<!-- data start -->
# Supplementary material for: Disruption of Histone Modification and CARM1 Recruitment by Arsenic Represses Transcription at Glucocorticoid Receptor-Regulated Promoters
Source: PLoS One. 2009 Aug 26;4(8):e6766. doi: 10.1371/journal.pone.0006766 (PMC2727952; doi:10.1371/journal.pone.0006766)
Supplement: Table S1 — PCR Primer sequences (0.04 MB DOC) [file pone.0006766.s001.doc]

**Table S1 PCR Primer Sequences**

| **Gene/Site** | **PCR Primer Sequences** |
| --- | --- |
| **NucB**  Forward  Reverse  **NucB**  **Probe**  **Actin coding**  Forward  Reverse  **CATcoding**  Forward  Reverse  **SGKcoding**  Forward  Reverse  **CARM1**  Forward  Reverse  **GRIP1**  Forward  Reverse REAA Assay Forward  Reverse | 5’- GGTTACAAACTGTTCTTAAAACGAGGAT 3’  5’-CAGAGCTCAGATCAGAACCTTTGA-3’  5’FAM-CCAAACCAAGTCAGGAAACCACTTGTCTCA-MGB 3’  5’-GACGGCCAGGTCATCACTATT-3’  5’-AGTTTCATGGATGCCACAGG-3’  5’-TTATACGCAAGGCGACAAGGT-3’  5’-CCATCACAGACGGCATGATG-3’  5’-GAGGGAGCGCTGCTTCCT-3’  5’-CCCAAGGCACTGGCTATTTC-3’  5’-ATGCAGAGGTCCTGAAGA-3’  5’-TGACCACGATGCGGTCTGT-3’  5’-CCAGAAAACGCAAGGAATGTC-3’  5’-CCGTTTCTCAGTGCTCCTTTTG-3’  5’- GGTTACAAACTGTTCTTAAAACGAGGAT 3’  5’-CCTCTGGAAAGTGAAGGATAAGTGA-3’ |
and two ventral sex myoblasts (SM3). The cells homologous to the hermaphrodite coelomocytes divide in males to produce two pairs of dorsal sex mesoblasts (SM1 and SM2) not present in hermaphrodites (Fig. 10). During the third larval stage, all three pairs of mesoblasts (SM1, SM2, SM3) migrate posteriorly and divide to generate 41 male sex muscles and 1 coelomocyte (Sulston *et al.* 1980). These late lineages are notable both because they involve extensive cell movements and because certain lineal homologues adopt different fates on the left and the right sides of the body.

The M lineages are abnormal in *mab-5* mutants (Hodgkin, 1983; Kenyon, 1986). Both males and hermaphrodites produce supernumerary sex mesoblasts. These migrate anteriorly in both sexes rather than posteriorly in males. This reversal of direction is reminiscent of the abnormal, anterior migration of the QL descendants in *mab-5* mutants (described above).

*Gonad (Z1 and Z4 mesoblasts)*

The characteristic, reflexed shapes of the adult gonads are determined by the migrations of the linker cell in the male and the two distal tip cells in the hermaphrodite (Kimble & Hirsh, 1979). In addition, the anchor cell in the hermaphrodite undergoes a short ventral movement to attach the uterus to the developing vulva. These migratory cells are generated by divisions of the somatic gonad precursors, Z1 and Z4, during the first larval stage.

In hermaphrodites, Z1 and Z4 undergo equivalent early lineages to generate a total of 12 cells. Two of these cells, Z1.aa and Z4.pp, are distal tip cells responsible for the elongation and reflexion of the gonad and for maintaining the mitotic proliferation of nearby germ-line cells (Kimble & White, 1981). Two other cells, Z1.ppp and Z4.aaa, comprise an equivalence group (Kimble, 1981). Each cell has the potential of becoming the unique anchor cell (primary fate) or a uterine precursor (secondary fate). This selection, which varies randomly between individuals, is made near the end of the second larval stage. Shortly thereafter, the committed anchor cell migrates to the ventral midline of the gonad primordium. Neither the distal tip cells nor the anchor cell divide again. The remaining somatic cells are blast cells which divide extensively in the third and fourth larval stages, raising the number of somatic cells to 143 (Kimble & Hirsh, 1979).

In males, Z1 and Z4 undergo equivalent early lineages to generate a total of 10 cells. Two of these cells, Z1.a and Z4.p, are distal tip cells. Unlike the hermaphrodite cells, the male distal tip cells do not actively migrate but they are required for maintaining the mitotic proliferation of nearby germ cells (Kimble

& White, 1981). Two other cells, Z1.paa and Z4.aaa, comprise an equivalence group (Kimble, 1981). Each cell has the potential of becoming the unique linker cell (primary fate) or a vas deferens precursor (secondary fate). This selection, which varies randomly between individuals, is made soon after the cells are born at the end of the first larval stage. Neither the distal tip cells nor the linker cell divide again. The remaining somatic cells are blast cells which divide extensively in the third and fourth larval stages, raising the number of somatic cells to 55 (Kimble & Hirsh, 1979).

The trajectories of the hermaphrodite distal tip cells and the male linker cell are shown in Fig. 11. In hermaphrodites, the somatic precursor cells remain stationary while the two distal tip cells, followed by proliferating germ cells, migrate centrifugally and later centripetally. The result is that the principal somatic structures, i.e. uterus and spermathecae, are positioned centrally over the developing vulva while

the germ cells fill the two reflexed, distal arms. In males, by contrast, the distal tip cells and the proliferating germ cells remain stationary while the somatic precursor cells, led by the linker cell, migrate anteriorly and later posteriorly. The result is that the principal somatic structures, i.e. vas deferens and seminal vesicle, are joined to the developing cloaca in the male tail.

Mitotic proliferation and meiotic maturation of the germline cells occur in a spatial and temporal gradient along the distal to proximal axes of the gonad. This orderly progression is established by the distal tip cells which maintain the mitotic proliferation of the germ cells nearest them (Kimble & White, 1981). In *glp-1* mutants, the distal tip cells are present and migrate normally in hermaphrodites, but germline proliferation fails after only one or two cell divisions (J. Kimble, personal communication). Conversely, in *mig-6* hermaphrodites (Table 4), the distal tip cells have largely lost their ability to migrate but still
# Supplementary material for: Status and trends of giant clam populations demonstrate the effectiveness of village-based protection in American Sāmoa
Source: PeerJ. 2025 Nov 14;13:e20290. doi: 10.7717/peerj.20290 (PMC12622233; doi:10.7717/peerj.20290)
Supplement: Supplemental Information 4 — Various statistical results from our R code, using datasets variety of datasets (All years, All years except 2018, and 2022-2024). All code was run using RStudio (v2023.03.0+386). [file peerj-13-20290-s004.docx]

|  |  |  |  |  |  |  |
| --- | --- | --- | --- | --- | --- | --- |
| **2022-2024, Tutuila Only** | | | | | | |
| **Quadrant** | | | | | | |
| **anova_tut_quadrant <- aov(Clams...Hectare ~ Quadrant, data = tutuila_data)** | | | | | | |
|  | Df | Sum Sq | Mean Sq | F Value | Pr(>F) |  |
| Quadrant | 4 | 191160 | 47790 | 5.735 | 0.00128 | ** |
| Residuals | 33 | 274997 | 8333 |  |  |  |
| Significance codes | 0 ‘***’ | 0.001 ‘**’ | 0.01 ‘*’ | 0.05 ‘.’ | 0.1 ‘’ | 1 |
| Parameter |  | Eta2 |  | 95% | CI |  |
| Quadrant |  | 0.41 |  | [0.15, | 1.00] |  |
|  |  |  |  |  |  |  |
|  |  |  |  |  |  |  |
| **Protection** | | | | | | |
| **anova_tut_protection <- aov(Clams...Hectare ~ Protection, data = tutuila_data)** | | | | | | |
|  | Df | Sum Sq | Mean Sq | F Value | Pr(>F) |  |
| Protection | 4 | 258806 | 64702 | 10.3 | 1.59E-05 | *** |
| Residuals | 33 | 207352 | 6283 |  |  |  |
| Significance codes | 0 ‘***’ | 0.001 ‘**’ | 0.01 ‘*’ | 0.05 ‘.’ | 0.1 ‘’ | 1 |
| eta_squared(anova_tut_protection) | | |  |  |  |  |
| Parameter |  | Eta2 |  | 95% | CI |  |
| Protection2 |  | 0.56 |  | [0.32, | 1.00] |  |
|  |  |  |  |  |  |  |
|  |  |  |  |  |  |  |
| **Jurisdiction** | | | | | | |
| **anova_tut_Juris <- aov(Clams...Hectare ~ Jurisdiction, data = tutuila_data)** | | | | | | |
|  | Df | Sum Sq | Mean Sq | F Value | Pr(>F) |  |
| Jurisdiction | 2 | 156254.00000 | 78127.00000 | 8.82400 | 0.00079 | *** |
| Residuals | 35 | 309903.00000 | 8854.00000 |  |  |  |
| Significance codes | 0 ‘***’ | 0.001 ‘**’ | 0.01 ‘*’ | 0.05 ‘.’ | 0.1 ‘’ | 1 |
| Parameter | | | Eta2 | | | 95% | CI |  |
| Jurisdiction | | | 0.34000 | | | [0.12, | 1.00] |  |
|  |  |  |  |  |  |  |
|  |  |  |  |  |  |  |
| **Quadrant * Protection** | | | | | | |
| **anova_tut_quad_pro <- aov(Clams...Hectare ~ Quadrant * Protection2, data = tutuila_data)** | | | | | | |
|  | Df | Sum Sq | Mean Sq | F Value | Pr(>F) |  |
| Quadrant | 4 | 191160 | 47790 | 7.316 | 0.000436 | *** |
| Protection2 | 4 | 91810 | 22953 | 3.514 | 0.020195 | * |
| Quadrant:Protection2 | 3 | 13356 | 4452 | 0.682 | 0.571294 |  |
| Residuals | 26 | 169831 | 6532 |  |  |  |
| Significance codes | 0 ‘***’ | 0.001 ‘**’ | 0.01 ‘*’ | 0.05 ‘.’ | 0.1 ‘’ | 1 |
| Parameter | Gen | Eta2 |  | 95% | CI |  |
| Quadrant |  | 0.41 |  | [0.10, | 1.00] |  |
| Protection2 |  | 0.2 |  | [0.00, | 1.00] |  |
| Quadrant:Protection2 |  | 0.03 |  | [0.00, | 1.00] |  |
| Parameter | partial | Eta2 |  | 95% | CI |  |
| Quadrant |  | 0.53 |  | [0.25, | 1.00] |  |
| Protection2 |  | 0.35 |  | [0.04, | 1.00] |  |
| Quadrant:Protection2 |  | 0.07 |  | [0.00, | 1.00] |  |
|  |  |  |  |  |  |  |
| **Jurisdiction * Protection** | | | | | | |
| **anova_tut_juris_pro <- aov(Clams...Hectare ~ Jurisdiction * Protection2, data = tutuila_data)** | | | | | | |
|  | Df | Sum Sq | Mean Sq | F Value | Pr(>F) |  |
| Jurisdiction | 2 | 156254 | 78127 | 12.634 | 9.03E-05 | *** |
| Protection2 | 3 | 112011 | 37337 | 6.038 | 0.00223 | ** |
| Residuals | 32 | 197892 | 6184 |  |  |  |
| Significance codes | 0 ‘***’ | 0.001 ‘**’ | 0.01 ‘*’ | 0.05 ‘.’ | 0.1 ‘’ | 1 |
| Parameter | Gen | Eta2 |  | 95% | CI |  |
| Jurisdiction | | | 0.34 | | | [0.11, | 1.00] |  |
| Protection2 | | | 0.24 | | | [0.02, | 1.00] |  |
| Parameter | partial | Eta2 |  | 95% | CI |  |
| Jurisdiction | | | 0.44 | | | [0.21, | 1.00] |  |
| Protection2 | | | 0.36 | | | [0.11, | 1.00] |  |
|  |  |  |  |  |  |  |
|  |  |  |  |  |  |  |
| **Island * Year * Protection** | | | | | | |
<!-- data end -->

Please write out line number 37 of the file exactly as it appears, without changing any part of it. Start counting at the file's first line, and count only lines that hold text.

| Protection | 4 | 258806 | 64702 | 10.3 | 1.59E-05 | *** |